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Appalachian leads writing projects at Chinese universities

By Ken Keuffel

BOONE, N.C.—At several Chinese universities, instruction in writing English has taken on a distinctly American character, and Appalachian State University deserves much of the credit.

View larger imageThese graduate students from Northeastern University (NEU) in Shenyang, China, seen here squatting in front of their teachers, submitted some of the top papers in a writing contest that was held this past spring as part of a project on academic writing organized by Appalachian State University’s American Cultural Center at NEU. Photo courtesy of Dr. Xiaorong ShaoView larger imageThese graduate students of Northeastern University (NEU) in Shenyang, China, hold certificates of course completion for a project on academic writing organized by Appalachian State University’s American Cultural Center at NEU. Three Appalachian professors – Dr. Xiaorong Shao, Allan Scherlen and Dr. Matthew Robinson (seated here left to right) – created online content for the project. Photo courtesy of Dr. Xiaorong ShaoView larger imageThese graduate students of Beijing International Studies University view the online content that Appalachian State University professors created for a project on academic writing organized by Appalachian State University’s American Cultural Center at Northeastern University in China. Photo courtesy of Dr. Xiaorong Shao

As part of a recent project of Appalachian’s American Cultural Center at Northeastern University (NEU) in Shenyang, China, three Appalachian professors developed instructional videos and other online materials for a website on academic writing in English, the mastery of which is critical for the many Chinese aiming to study or work abroad and/or publish scholarship for an international audience. The faculty then worked with 29 Chinese teachers to incorporate this content into their graduate-level courses on writing English. Appalachian’s center at NEU, which opened in 2012, was funded with a $100,000 grant by the U.S. Department of State, which also provided seed money for the center’s reading room collection.

The content on academic writing could be of pivotal importance for the future of China’s education system. It comes at a time when most English courses at China’s universities, even for English majors, pay little attention to writing, focusing instead on the mastery of English for such general purposes as speaking and reading. Before the Appalachian content was introduced, a few classes on writing English had been offered at NEU, but only a small number of students took them each year. In general, the conventions of academic writing at American universities, which revolve around supporting an argument, are not taught in China.

The courses, taken by about 2,000 graduate students, were offered this past spring at three Chinese universities: NEU, Shanghai University (SHU) and Beijing International Studies University (BISU). NEU’s graduate students will use the courses’ Appalachian content again when they receive instruction in writing English beginning in March. In addition, Dr. Bret Zawilski, an assistant professor in Appalachian’s Department of English, is developing most of the instructional videos for a more basic course on academic writing that undergraduates at NEU and two other Chinese universities will take beginning in March. The videos will also become part of a website. The two other universities have yet to be named.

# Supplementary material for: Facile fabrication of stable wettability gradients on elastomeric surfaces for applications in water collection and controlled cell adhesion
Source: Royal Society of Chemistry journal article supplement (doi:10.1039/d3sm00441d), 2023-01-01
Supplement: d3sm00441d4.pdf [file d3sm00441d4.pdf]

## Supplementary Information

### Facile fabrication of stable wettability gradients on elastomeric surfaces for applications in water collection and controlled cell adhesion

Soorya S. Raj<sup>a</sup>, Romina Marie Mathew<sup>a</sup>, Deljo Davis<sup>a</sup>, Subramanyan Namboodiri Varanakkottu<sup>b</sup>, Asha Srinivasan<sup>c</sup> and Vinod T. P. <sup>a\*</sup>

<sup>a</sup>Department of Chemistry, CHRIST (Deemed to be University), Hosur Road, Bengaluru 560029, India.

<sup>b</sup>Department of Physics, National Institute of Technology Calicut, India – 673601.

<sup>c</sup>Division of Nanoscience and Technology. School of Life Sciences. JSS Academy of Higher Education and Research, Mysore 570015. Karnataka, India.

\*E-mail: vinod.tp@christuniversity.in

The Appalachian content on academic writing illuminated “basic procedures” as practiced in the United States for writing a research paper in English; these included everything from locating and reviewing source materials to fashioning persuasive thesis statements, claims and conclusions. See to learn more about the content.

Jianhua Cai, a graduate student of materials sciences and engineering at NEU, found the online content’s sections on reading literature and taking notes particularly helpful.

“I (now) know how to read literature and take notes more efficiently,” he said. “For example, I could use a few words writing what the paragraph is about in the left column and writing a key point or fact related to the argument in the right column.”

The Appalachian professors who created the academic writing materials were Dr. Xiaorong Shao, an associate professor in Appalachian’s Belk Library and Information Commons; Allan Scherlen, a professor in Belk Library and Information Commons; and Dr. Matthew Robinson, a professor in Appalachian’s Department of Government and Justice Studies. Shao, a native of China, also co-directs the center along with Dr. Wen Zhao of NEU. Shao and Scherlen submitted the grant proposal that resulted in the $50,000 the U.S. Department of State provided for the writing project.

Shao said that 3,000 people viewed the website that stores the content on academic writing. So presumably, many universities across China will come to view it as a welcome resource.

“Students are less prepared to write an academic paper at U.S. standards,” Shao said. “Students at Chinese universities, especially graduate students, will be in great need of this content as they prepare for entering their profession and writing for publication.”

The Appalachian content went over well with the Chinese teachers who taught the graduate courses on writing English, Shao said.

“They commented that the blending of online and in-person teaching enhanced student learning,” she said. “They preferred it over just online or just in-person teaching. I concur: Online access provides students flexibility, and they can study the instructional videos and materials at their own pace and on their own time.

“The website connects students directly with Appalachian professors, so they can ask them questions directly through emails. And during the face-to-face sessions with students, local teachers can address questions students might have and guide them through during their studying of the online materials. The local teachers can also select the online content they wish to use.”